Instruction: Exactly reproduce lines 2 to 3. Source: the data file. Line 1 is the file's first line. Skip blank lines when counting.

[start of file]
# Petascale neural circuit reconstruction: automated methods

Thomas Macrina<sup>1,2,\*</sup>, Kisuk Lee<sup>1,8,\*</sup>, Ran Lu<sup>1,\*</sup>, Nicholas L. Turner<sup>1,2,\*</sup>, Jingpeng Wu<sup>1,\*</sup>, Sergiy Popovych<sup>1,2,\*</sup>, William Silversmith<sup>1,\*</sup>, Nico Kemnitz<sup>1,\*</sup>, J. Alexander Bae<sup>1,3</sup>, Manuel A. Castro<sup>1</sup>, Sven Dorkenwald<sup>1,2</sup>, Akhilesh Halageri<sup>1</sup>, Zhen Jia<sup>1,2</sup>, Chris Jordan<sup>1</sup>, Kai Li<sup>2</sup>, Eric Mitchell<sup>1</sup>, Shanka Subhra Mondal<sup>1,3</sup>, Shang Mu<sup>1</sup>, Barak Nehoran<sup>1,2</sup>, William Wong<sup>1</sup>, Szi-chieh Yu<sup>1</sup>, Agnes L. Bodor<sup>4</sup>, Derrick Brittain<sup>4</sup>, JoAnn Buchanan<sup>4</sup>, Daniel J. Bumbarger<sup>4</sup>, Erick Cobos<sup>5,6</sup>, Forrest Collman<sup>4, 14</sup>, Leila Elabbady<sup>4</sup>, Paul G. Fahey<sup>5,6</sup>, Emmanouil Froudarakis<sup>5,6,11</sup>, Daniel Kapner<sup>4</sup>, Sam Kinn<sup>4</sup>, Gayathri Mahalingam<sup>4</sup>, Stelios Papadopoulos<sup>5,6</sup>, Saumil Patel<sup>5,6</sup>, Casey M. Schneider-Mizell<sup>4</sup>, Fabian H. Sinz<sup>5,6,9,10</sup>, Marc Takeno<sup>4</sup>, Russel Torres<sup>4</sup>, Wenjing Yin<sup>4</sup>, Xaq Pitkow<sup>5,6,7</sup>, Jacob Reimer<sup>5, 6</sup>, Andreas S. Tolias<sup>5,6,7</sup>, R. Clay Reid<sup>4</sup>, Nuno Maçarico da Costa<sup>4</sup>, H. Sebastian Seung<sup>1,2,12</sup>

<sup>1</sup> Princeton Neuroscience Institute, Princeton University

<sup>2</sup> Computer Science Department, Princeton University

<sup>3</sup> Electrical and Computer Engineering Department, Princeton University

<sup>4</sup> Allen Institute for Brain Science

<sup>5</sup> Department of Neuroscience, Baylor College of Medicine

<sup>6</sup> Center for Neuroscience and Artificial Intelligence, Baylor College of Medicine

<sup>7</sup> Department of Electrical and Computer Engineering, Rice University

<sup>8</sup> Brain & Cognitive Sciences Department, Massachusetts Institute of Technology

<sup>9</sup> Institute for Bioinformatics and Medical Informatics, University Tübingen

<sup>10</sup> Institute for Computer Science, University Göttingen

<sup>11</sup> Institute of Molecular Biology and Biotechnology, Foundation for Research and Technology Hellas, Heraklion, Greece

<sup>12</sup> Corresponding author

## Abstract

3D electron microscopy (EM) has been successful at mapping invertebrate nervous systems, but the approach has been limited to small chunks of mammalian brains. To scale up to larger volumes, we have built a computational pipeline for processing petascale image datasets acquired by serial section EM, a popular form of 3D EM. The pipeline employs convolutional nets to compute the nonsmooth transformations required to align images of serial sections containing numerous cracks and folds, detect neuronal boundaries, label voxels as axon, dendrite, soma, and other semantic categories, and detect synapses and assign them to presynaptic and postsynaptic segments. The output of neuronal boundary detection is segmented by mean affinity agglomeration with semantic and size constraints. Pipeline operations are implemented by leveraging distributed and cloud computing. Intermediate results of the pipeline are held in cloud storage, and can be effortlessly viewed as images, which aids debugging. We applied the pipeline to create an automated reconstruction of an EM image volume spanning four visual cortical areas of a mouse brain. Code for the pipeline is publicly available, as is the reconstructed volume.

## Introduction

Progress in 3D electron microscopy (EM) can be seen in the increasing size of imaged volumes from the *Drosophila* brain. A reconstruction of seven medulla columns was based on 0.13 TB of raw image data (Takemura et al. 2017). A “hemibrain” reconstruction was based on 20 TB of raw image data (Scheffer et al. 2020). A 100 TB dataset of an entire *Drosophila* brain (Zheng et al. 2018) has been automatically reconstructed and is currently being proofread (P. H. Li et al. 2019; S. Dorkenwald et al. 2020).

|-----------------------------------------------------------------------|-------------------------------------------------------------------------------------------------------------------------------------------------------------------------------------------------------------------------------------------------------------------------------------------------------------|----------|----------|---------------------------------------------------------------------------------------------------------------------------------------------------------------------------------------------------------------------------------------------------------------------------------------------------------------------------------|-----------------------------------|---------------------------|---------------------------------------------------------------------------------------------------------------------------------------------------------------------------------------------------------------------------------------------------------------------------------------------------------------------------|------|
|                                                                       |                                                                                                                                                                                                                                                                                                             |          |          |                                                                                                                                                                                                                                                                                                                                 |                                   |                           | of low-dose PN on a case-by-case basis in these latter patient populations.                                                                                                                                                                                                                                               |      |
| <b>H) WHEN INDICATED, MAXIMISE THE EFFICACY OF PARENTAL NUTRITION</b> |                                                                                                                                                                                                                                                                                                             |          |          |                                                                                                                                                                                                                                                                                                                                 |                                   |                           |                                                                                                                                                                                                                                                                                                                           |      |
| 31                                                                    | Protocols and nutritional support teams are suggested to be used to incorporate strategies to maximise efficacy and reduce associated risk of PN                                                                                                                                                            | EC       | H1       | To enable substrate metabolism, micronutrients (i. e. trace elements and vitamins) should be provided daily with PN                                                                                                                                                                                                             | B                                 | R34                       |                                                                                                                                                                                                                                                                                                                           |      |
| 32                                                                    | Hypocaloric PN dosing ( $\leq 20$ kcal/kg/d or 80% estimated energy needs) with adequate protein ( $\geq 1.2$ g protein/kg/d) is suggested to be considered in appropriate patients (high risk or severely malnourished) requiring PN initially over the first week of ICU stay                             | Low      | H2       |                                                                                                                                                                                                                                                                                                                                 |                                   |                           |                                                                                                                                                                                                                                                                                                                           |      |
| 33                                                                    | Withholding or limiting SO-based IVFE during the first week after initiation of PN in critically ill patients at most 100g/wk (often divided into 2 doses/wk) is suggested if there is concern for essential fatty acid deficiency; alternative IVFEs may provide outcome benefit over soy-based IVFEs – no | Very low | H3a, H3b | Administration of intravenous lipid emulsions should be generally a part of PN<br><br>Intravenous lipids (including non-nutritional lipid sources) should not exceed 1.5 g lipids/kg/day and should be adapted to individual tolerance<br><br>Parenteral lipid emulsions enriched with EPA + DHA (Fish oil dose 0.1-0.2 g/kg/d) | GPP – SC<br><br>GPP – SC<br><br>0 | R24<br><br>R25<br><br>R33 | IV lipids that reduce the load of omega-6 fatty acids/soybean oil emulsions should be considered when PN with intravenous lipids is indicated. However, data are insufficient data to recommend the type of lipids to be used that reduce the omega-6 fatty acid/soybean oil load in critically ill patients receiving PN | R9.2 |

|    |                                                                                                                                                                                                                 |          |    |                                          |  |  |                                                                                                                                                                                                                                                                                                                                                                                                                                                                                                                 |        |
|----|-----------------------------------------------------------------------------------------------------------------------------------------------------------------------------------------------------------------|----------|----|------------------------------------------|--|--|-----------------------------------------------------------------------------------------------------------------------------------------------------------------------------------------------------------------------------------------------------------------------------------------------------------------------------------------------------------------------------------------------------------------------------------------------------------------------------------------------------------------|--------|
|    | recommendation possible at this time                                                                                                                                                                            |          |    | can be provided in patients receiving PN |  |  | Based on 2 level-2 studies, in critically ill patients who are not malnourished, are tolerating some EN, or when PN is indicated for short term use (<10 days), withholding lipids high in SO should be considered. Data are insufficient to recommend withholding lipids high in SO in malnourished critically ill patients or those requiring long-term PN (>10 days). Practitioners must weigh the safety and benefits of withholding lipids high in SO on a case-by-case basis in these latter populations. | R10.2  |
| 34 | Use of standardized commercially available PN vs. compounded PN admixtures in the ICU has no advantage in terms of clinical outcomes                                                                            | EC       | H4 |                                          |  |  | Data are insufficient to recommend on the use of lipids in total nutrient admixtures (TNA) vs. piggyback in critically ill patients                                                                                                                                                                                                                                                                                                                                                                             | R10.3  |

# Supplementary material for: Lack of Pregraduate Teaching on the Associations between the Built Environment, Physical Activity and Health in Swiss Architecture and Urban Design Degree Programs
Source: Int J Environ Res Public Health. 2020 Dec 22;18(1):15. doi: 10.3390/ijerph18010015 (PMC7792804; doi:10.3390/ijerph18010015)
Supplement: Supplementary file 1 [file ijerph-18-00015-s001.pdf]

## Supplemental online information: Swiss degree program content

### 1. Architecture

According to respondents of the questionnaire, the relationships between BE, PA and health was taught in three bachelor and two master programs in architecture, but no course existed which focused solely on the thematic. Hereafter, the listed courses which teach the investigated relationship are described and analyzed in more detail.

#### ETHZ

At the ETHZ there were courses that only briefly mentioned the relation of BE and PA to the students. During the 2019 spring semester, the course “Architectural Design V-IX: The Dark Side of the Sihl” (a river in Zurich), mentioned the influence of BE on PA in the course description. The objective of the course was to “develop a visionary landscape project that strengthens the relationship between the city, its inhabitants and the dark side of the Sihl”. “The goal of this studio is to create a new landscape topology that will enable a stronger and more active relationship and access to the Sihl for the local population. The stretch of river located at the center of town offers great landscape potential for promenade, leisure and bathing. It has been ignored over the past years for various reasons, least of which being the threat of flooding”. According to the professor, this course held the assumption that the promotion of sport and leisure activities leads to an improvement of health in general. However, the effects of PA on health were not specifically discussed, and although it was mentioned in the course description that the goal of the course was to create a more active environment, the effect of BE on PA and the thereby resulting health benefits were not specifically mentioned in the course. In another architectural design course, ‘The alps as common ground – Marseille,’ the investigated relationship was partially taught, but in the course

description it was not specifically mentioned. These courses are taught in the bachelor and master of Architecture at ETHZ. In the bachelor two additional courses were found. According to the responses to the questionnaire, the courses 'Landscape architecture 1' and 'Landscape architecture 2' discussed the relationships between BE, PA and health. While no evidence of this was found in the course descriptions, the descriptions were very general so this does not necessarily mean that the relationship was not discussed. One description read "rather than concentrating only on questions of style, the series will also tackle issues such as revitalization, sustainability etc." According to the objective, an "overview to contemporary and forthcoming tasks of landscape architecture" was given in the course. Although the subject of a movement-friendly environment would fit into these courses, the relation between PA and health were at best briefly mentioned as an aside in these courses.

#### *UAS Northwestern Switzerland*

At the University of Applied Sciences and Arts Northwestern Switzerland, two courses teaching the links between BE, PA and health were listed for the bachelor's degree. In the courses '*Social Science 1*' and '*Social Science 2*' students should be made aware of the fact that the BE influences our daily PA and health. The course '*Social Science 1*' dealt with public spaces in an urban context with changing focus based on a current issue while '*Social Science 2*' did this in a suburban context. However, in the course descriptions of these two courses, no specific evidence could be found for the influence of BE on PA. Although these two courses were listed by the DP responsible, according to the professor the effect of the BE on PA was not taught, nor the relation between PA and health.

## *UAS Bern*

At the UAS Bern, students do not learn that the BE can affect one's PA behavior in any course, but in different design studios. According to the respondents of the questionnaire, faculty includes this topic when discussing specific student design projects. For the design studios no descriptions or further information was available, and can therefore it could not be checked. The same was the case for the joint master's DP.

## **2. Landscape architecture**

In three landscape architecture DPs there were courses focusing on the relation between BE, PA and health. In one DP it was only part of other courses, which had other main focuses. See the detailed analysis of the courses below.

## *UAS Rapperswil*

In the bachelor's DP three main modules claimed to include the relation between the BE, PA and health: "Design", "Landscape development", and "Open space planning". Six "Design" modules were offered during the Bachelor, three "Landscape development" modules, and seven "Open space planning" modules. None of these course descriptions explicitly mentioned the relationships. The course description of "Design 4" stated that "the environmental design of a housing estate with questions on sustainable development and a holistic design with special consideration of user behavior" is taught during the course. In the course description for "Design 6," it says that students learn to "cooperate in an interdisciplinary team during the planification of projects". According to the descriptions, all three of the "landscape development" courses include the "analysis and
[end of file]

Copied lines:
Thomas Macrina<sup>1,2,\*</sup>, Kisuk Lee<sup>1,8,\*</sup>, Ran Lu<sup>1,\*</sup>, Nicholas L. Turner<sup>1,2,\*</sup>, Jingpeng Wu<sup>1,\*</sup>, Sergiy Popovych<sup>1,2,\*</sup>, William Silversmith<sup>1,\*</sup>, Nico Kemnitz<sup>1,\*</sup>, J. Alexander Bae<sup>1,3</sup>, Manuel A. Castro<sup>1</sup>, Sven Dorkenwald<sup>1,2</sup>, Akhilesh Halageri<sup>1</sup>, Zhen Jia<sup>1,2</sup>, Chris Jordan<sup>1</sup>, Kai Li<sup>2</sup>, Eric Mitchell<sup>1</sup>, Shanka Subhra Mondal<sup>1,3</sup>, Shang Mu<sup>1</sup>, Barak Nehoran<sup>1,2</sup>, William Wong<sup>1</sup>, Szi-chieh Yu<sup>1</sup>, Agnes L. Bodor<sup>4</sup>, Derrick Brittain<sup>4</sup>, JoAnn Buchanan<sup>4</sup>, Daniel J. Bumbarger<sup>4</sup>, Erick Cobos<sup>5,6</sup>, Forrest Collman<sup>4, 14</sup>, Leila Elabbady<sup>4</sup>, Paul G. Fahey<sup>5,6</sup>, Emmanouil Froudarakis<sup>5,6,11</sup>, Daniel Kapner<sup>4</sup>, Sam Kinn<sup>4</sup>, Gayathri Mahalingam<sup>4</sup>, Stelios Papadopoulos<sup>5,6</sup>, Saumil Patel<sup>5,6</sup>, Casey M. Schneider-Mizell<sup>4</sup>, Fabian H. Sinz<sup>5,6,9,10</sup>, Marc Takeno<sup>4</sup>, Russel Torres<sup>4</sup>, Wenjing Yin<sup>4</sup>, Xaq Pitkow<sup>5,6,7</sup>, Jacob Reimer<sup>5, 6</sup>, Andreas S. Tolias<sup>5,6,7</sup>, R. Clay Reid<sup>4</sup>, Nuno Maçarico da Costa<sup>4</sup>, H. Sebastian Seung<sup>1,2,12</sup>

<sup>1</sup> Princeton Neuroscience Institute, Princeton University